On my first morning of fly fishing with sinking line from a float tube during a snowstorm in the mid-1990s, I landed eight fish between 16 and 20 inches at Fourth of July, mostly by accident. As I untied knots in the borrowed sinking fly line, my leech patterns would consistently sit still for long periods, slowly slithering along the bottom only as I shifted my rod tip by accident or as I drifted. On future trips, I made sure to get my leeches and chironomids as close to the bottom as possible, often in very shallow water, and I caught lots. Over the years I’ve learned that rainbows use all depths of the lake, from the shallow end nearest the launch to the far end and its deeper water. One thing is for sure: They are often gorging just out of sight really close to shore and in shallow water.
Fourth of July Lake is tucked into the Channeled Scablands a few miles south of Sprague and its namesake lake. Rainbow trout grow very fast here and get very fat – state biologist Randall Osborne landed this one while test-fishing the lake for the winter fishery a few seasons back. It’s tough if not impossible to launch a trailered boat, but very easy to haul a cartopper or a pontoon or float tube to the water. (WDFW)
To generalize, Fourth of July’s big fish spend most of their time quite low in the water column, something I began learning on that day although I might have reasoned it out earlier. When I bait fished the lake in earlier years, I was far more successful plunking than fishing with a fixed bobber, and so were those around me. Whether plunkers use Power Bait, marshmallows, or other means to suspend bait above the bottom, successful anglers are careful to keep baits out of the weeds, and to vary depths throughout the day if not getting bites. The fish are often very shallow and close to shore. Make sure you’re not casting right over the big bruisers that fight their way into the prime spots on the shoreline chironomid-and-leech buffet.
Sorry, Montana, I’m gonna go ahead and be “that” guy and unleash magazine readers on you and your not-so-secret March trophy trout fishery. I’ve seen enough Montanans nymphing the spey runs and speying the gear stretches of steelhead streams lately to not bat an eyelash. Point of fact, the biggest browns, rainbows, and cutthroats of the year begin to feed again for the first time in several months. They all look “up” in earnest for adult bugs, especially skwala stoneflies. These meaty, late-winter/early-spring bugs are part of a rich seasonal diet enjoyed by trout from the local rivers: Clark Fork, Bitterroot, Blackfoot and Rock Creek. All four fish well in March during the prerunoff pattern, which typically continues well into April. Definitely the Bitterroot and Clark Fork see the most traffic, partly because they run through Missoula and other population hubs in Western Montana, partly because they offer the best floating access and strong numbers of skwalas and other bugs, mostly midges, blue-winged olive mayflies and March brown mayflies. Both rivers are well-suited for drift boats or rafts and rowers of all skill levels.
Skwala nymphs become active when the water reaches the high 30s. The nymphs emerge from under rocks and immediately become targets of opportunity for feeding trout well before they make their way to the shore, where they crawl into willows and other vegetation and also rocks to shuck out of their nymph stage into adulthood. Swkalas then unloose, dry and test their wings until they can fly. They then become food as adults when they are driven into the water by high winds, when they die and when the females lay eggs. Trout eat them at all of these stages but eat far more nymphs than anything else. Still, when the adults are present in good numbers, early-season trout can’t help but look up and rise to dry patterns, which are big, fun to fish and intoxicating to watch get eaten. One must wait a count before setting on a trout picking off a big stonefly, long enough for them to turn their head and allow a positive hookset. This is challenging after a winter without dry flies, especially if one is conditioned to watch bobbers drown and to set the hook immediately. It’s fun, and the trout get drunk and dumb on the bounty. The year’s biggest trout are caught every year during the prerunoff. Even wise old browns will rise like greedy westslope cutthroats for skwalas, and the swkalas seem to make big fish eager to rise to other bugs when hatches occur. There are fish present in all four streams of all age classes, but to generalize mightily, all four streams offer lots of “teens” and much larger fish of a mixed bag: cutts, rainbows, cutt-bows, browns and even bulls.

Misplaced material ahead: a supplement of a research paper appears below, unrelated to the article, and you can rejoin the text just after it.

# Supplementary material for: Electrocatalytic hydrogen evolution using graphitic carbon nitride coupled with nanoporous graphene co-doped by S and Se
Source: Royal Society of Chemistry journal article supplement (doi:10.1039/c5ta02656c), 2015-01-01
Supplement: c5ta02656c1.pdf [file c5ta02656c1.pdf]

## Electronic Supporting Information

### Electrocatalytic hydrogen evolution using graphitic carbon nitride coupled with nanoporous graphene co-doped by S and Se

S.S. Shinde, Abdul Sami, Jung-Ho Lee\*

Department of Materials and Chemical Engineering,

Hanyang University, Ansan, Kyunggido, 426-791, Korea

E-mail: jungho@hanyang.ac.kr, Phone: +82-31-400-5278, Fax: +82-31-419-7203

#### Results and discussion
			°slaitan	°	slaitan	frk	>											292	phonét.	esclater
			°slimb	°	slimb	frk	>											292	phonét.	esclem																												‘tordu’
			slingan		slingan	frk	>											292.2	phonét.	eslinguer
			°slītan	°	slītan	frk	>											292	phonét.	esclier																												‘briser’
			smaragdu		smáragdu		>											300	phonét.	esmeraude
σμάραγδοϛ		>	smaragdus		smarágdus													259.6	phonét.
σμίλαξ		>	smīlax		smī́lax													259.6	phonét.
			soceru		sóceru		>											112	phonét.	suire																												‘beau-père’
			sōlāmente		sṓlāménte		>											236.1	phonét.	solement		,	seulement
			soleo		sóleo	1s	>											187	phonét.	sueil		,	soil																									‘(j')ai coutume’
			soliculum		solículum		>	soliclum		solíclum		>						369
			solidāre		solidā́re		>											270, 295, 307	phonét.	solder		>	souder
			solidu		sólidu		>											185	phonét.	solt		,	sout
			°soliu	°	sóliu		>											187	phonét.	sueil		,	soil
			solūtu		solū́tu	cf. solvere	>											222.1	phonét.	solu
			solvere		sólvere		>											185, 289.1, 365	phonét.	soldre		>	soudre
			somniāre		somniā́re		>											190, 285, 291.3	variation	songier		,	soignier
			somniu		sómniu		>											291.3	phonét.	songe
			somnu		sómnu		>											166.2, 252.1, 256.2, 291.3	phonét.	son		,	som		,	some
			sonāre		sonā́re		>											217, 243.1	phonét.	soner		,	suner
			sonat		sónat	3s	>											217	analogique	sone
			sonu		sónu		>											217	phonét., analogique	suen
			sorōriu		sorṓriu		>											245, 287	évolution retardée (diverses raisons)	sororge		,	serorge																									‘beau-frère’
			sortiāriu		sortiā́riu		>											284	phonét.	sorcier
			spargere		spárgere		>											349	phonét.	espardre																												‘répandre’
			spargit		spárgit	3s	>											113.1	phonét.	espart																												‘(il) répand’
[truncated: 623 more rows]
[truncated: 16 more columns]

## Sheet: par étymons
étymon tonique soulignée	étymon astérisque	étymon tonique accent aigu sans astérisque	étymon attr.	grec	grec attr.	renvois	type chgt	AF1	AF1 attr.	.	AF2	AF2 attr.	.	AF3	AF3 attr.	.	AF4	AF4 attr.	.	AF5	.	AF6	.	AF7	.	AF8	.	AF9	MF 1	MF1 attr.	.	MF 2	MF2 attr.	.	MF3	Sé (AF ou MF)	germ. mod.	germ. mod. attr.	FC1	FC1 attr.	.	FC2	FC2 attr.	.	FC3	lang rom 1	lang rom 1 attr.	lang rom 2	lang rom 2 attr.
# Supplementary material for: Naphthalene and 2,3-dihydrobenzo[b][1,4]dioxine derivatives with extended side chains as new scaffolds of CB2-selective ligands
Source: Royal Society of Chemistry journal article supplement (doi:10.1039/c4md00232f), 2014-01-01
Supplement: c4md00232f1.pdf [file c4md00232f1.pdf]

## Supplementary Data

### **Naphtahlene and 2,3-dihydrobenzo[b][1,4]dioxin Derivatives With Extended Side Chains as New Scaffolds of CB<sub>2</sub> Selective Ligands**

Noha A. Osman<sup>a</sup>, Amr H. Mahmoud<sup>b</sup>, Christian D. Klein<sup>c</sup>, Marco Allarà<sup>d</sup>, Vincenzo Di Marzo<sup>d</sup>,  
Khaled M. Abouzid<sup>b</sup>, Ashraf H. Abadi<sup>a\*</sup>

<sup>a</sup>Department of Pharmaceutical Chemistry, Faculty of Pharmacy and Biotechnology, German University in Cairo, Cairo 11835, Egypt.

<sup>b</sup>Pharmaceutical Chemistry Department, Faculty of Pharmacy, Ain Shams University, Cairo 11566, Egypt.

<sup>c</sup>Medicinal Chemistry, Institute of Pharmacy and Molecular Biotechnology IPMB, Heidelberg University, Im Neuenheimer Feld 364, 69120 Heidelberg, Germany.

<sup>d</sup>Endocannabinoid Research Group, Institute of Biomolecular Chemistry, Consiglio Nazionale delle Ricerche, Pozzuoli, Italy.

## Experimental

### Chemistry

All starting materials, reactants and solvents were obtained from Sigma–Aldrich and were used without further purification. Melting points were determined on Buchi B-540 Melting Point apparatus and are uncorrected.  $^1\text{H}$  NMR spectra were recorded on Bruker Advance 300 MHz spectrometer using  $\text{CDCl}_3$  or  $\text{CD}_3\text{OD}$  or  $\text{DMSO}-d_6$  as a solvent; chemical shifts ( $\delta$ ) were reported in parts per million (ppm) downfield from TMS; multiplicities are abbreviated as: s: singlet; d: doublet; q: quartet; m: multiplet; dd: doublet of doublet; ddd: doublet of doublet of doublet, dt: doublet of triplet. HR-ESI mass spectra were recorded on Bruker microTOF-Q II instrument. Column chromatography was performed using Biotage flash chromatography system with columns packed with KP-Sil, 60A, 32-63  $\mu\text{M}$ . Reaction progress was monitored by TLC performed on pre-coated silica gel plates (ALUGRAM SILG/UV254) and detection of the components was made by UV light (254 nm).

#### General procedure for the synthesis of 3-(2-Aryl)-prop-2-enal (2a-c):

All four of the Missoula-area prerunoff trout streams are awesome, including the Blackfoot, Clark Fork, and Bitterroot rivers, but me and my brother Zac’s favorites is more intimate and wild Rock Creek. The little river is home to lots of browns, including specimens larger than this as well as cutthroat, rainbow, brook and bull trout. (ZAC HOLMES)
It’s wise to book a day with a guide out of the better-reviewed of several area fly shops, but after one weekend with a friend in his boat in Missoula, I found it easy to take my own boat, set up shuttles with shops and get on fish immediately on all four rivers. I have never floated Rock Creek, nor would I in a hard-sided boat. It’s more of a small river than a creek, but it is a small river. It may offer the coolest and certainly wildest experience of any of the four major streams. It features healthy bull trout, browns, rainbows, cutts, cutt-bows and brookies. It’s a great trout stream and worth the half-hour drive from downtown Missoula. Expect possible bighorn, moose, elk and deer sightings especially on Rock Creek, but also on the other streams, even in Missoula. This famous trout destination has grown mightily in the last two decades, yet trophy opportunities exist in and around a big, cool town with lots of well-reviewed restaurants and great lodging, shopping, and bars. A trip here is an easy sell for almost everyone.